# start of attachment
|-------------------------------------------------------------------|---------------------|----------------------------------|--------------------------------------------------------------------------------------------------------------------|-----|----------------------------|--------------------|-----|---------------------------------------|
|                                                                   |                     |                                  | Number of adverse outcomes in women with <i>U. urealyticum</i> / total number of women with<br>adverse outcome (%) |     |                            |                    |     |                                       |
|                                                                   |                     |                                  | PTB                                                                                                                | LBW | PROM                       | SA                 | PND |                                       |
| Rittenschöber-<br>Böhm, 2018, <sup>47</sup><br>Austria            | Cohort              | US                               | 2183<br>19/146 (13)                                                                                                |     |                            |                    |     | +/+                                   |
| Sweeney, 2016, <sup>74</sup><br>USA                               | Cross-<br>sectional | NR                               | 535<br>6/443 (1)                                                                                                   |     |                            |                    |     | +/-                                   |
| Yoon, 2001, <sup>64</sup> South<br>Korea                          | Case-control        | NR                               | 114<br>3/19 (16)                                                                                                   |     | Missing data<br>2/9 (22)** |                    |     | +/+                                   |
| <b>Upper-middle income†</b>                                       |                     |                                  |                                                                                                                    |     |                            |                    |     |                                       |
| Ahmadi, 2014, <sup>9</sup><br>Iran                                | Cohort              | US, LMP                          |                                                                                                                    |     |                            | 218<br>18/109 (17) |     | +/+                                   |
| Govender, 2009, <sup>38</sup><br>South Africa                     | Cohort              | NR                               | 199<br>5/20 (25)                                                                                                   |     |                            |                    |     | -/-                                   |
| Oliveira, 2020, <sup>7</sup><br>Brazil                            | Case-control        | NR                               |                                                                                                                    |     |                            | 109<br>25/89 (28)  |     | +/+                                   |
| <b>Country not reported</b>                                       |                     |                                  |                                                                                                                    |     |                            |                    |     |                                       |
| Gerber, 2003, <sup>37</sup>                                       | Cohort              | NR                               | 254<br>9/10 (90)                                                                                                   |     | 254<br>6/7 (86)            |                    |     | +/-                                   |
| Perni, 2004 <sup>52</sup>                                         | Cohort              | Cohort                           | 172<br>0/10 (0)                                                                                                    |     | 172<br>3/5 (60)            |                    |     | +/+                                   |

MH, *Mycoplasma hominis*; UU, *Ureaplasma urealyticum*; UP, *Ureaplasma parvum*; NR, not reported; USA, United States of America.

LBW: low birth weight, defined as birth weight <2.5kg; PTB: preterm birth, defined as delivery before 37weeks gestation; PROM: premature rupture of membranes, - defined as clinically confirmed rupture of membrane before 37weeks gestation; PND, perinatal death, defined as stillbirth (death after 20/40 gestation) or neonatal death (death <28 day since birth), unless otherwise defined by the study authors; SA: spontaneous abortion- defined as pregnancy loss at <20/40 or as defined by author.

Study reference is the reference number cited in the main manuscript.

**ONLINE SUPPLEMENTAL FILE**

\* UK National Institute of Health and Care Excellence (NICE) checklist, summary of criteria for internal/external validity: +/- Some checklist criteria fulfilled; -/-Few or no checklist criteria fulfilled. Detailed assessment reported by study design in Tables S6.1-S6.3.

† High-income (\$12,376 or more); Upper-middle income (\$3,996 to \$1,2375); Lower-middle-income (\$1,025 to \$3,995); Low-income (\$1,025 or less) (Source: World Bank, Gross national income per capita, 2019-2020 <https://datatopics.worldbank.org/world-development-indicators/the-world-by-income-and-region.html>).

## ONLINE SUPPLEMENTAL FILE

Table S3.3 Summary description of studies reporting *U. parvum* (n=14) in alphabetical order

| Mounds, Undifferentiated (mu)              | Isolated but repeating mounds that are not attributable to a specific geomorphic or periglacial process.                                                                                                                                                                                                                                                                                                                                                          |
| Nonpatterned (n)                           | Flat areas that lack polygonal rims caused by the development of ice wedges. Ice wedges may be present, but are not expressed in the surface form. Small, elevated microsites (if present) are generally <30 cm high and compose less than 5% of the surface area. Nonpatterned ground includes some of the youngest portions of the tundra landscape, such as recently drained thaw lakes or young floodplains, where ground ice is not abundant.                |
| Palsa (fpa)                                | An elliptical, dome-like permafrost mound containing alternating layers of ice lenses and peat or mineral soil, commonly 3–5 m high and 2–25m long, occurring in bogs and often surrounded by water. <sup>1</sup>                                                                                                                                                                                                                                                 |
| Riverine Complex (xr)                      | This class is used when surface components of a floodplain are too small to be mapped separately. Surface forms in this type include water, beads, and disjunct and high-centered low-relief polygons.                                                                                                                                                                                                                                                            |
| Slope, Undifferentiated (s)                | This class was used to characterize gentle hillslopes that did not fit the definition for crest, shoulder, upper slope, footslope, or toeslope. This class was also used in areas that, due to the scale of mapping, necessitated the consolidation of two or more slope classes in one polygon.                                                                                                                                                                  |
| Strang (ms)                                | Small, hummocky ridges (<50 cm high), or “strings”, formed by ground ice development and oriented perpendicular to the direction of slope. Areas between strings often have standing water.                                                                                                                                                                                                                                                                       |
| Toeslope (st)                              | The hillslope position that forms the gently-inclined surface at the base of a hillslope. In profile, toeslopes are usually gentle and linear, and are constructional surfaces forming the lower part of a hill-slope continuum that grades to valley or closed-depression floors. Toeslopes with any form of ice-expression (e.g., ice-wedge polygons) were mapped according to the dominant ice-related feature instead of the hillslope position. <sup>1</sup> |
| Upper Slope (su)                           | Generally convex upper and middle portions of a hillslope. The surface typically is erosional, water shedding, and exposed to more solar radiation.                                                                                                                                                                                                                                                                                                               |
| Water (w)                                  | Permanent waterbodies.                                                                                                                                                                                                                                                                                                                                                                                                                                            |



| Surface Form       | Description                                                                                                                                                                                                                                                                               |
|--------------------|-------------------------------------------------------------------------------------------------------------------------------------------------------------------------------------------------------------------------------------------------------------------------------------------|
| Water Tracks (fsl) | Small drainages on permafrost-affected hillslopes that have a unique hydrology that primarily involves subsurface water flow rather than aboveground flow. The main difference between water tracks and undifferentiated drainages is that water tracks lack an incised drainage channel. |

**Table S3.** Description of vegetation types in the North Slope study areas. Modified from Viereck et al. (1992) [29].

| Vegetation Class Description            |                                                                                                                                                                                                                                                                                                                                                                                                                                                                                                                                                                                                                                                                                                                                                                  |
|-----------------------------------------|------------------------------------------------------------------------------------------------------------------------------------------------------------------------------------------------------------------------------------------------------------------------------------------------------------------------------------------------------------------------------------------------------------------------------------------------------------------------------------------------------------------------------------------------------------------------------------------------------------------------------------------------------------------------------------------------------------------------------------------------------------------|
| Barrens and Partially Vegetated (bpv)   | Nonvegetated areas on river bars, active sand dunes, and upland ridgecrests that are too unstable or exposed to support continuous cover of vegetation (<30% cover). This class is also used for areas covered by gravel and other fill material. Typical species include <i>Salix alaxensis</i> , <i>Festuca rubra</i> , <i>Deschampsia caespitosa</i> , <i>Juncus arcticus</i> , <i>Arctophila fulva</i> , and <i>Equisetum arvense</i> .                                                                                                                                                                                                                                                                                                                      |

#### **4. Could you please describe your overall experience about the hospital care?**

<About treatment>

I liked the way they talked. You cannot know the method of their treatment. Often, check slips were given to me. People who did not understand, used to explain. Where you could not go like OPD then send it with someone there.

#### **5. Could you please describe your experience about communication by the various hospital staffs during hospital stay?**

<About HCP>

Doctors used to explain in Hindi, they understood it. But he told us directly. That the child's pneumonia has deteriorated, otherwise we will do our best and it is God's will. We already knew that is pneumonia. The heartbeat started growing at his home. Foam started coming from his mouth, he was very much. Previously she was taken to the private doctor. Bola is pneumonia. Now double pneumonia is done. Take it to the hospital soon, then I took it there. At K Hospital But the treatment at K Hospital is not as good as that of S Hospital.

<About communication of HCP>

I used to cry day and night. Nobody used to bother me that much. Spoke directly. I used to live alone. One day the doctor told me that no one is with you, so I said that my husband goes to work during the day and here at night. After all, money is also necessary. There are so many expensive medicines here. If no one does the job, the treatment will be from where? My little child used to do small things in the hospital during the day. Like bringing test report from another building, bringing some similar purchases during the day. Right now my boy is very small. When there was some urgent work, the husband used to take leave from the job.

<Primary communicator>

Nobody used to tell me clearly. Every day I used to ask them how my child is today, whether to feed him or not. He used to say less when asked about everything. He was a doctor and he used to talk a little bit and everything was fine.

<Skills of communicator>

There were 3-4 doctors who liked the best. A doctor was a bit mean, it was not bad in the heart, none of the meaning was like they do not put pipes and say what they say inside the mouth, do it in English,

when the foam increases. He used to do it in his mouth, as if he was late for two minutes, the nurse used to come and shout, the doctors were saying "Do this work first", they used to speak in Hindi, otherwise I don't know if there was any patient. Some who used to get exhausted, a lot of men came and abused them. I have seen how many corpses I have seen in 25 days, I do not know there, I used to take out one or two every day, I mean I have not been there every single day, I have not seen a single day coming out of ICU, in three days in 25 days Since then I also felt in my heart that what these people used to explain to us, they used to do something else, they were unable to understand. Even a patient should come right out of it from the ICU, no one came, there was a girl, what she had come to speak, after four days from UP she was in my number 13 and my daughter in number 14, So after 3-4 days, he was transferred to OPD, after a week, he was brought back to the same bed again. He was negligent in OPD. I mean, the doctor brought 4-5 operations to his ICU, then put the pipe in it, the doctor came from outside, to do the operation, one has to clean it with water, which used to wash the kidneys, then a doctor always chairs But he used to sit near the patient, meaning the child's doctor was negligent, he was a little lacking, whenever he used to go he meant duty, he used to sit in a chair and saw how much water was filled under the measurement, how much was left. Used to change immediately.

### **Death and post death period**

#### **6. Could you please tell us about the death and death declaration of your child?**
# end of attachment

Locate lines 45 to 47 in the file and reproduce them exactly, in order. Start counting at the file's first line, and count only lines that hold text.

I used to cry day and night. Nobody used to bother me that much. Spoke directly. I used to live alone. One day the doctor told me that no one is with you, so I said that my husband goes to work during the day and here at night. After all, money is also necessary. There are so many expensive medicines here. If no one does the job, the treatment will be from where? My little child used to do small things in the hospital during the day. Like bringing test report from another building, bringing some similar purchases during the day. Right now my boy is very small. When there was some urgent work, the husband used to take leave from the job.

<Primary communicator>

Nobody used to tell me clearly. Every day I used to ask them how my child is today, whether to feed him or not. He used to say less when asked about everything. He was a doctor and he used to talk a little bit and everything was fine.